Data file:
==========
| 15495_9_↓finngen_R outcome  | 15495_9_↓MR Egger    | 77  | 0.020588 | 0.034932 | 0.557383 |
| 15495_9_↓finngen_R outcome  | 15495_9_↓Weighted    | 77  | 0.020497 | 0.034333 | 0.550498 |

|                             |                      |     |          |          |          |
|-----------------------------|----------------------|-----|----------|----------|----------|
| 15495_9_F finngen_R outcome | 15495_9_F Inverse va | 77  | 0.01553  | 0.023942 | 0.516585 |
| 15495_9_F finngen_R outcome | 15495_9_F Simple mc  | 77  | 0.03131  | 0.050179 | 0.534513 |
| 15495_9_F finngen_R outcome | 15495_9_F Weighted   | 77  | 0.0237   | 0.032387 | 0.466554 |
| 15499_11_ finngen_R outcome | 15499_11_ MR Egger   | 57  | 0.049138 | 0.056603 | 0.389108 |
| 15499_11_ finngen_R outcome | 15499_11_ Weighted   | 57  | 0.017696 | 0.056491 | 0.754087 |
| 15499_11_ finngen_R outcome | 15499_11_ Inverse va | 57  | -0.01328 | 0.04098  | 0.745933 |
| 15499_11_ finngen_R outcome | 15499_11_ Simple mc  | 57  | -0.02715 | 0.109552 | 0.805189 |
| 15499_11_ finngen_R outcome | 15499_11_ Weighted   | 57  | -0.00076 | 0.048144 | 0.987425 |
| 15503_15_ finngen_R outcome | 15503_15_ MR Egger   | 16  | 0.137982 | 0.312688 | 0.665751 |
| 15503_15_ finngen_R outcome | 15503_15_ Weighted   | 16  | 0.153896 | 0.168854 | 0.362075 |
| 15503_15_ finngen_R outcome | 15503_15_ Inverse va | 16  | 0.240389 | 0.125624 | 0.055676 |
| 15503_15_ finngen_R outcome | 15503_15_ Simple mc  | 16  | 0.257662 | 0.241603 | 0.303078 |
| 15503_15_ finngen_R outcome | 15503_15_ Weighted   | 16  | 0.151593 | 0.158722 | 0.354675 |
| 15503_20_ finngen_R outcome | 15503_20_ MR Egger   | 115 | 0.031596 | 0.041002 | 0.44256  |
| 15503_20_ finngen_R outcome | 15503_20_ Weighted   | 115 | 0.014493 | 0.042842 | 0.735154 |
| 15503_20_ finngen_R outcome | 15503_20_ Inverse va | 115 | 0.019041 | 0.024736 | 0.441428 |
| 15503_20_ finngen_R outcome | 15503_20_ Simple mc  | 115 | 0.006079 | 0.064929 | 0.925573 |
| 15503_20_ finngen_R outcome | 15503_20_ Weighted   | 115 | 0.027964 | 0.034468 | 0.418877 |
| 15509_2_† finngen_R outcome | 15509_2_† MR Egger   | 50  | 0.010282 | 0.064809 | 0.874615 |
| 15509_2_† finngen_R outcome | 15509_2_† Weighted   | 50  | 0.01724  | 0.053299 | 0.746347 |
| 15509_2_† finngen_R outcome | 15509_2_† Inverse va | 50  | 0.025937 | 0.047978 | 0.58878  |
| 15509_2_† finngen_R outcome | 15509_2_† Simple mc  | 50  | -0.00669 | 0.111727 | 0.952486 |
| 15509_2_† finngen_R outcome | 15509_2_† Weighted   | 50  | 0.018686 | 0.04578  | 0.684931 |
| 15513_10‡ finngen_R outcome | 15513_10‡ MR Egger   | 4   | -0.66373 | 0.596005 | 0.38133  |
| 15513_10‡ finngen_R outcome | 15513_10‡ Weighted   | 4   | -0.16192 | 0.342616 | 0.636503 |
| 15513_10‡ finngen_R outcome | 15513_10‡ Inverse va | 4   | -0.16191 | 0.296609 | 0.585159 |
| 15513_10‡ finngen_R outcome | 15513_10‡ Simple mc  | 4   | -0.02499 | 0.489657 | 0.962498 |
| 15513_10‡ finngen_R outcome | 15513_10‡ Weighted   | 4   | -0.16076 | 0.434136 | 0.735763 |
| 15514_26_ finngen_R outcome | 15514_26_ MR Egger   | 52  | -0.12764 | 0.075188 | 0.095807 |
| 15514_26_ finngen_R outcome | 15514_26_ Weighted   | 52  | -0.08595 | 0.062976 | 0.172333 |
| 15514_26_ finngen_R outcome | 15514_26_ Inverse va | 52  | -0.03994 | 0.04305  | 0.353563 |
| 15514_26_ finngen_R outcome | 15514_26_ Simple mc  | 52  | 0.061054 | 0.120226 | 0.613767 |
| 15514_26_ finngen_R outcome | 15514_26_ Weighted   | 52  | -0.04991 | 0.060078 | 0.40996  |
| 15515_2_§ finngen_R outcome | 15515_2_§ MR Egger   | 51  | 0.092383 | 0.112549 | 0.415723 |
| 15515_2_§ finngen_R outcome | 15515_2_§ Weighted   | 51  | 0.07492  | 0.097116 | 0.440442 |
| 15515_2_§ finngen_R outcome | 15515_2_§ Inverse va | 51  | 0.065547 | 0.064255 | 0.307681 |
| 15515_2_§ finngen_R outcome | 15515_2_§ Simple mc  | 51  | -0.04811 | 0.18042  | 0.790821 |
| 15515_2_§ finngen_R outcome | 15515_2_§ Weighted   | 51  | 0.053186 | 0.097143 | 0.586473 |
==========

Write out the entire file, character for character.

| 15495_9_↓finngen_R outcome  | 15495_9_↓MR Egger    | 77  | 0.020588 | 0.034932 | 0.557383 |
| 15495_9_↓finngen_R outcome  | 15495_9_↓Weighted    | 77  | 0.020497 | 0.034333 | 0.550498 |

|                             |                      |     |          |          |          |
|-----------------------------|----------------------|-----|----------|----------|----------|
| 15495_9_F finngen_R outcome | 15495_9_F Inverse va | 77  | 0.01553  | 0.023942 | 0.516585 |
| 15495_9_F finngen_R outcome | 15495_9_F Simple mc  | 77  | 0.03131  | 0.050179 | 0.534513 |
| 15495_9_F finngen_R outcome | 15495_9_F Weighted   | 77  | 0.0237   | 0.032387 | 0.466554 |
| 15499_11_ finngen_R outcome | 15499_11_ MR Egger   | 57  | 0.049138 | 0.056603 | 0.389108 |
| 15499_11_ finngen_R outcome | 15499_11_ Weighted   | 57  | 0.017696 | 0.056491 | 0.754087 |
| 15499_11_ finngen_R outcome | 15499_11_ Inverse va | 57  | -0.01328 | 0.04098  | 0.745933 |
| 15499_11_ finngen_R outcome | 15499_11_ Simple mc  | 57  | -0.02715 | 0.109552 | 0.805189 |
| 15499_11_ finngen_R outcome | 15499_11_ Weighted   | 57  | -0.00076 | 0.048144 | 0.987425 |
| 15503_15_ finngen_R outcome | 15503_15_ MR Egger   | 16  | 0.137982 | 0.312688 | 0.665751 |
| 15503_15_ finngen_R outcome | 15503_15_ Weighted   | 16  | 0.153896 | 0.168854 | 0.362075 |
| 15503_15_ finngen_R outcome | 15503_15_ Inverse va | 16  | 0.240389 | 0.125624 | 0.055676 |
| 15503_15_ finngen_R outcome | 15503_15_ Simple mc  | 16  | 0.257662 | 0.241603 | 0.303078 |
| 15503_15_ finngen_R outcome | 15503_15_ Weighted   | 16  | 0.151593 | 0.158722 | 0.354675 |
| 15503_20_ finngen_R outcome | 15503_20_ MR Egger   | 115 | 0.031596 | 0.041002 | 0.44256  |
| 15503_20_ finngen_R outcome | 15503_20_ Weighted   | 115 | 0.014493 | 0.042842 | 0.735154 |
| 15503_20_ finngen_R outcome | 15503_20_ Inverse va | 115 | 0.019041 | 0.024736 | 0.441428 |
| 15503_20_ finngen_R outcome | 15503_20_ Simple mc  | 115 | 0.006079 | 0.064929 | 0.925573 |
| 15503_20_ finngen_R outcome | 15503_20_ Weighted   | 115 | 0.027964 | 0.034468 | 0.418877 |
| 15509_2_† finngen_R outcome | 15509_2_† MR Egger   | 50  | 0.010282 | 0.064809 | 0.874615 |
| 15509_2_† finngen_R outcome | 15509_2_† Weighted   | 50  | 0.01724  | 0.053299 | 0.746347 |
| 15509_2_† finngen_R outcome | 15509_2_† Inverse va | 50  | 0.025937 | 0.047978 | 0.58878  |
| 15509_2_† finngen_R outcome | 15509_2_† Simple mc  | 50  | -0.00669 | 0.111727 | 0.952486 |
| 15509_2_† finngen_R outcome | 15509_2_† Weighted   | 50  | 0.018686 | 0.04578  | 0.684931 |
| 15513_10‡ finngen_R outcome | 15513_10‡ MR Egger   | 4   | -0.66373 | 0.596005 | 0.38133  |
| 15513_10‡ finngen_R outcome | 15513_10‡ Weighted   | 4   | -0.16192 | 0.342616 | 0.636503 |
| 15513_10‡ finngen_R outcome | 15513_10‡ Inverse va | 4   | -0.16191 | 0.296609 | 0.585159 |
| 15513_10‡ finngen_R outcome | 15513_10‡ Simple mc  | 4   | -0.02499 | 0.489657 | 0.962498 |
| 15513_10‡ finngen_R outcome | 15513_10‡ Weighted   | 4   | -0.16076 | 0.434136 | 0.735763 |
| 15514_26_ finngen_R outcome | 15514_26_ MR Egger   | 52  | -0.12764 | 0.075188 | 0.095807 |
| 15514_26_ finngen_R outcome | 15514_26_ Weighted   | 52  | -0.08595 | 0.062976 | 0.172333 |
| 15514_26_ finngen_R outcome | 15514_26_ Inverse va | 52  | -0.03994 | 0.04305  | 0.353563 |
| 15514_26_ finngen_R outcome | 15514_26_ Simple mc  | 52  | 0.061054 | 0.120226 | 0.613767 |
| 15514_26_ finngen_R outcome | 15514_26_ Weighted   | 52  | -0.04991 | 0.060078 | 0.40996  |
| 15515_2_§ finngen_R outcome | 15515_2_§ MR Egger   | 51  | 0.092383 | 0.112549 | 0.415723 |
| 15515_2_§ finngen_R outcome | 15515_2_§ Weighted   | 51  | 0.07492  | 0.097116 | 0.440442 |
| 15515_2_§ finngen_R outcome | 15515_2_§ Inverse va | 51  | 0.065547 | 0.064255 | 0.307681 |
| 15515_2_§ finngen_R outcome | 15515_2_§ Simple mc  | 51  | -0.04811 | 0.18042  | 0.790821 |
| 15515_2_§ finngen_R outcome | 15515_2_§ Weighted   | 51  | 0.053186 | 0.097143 | 0.586473 |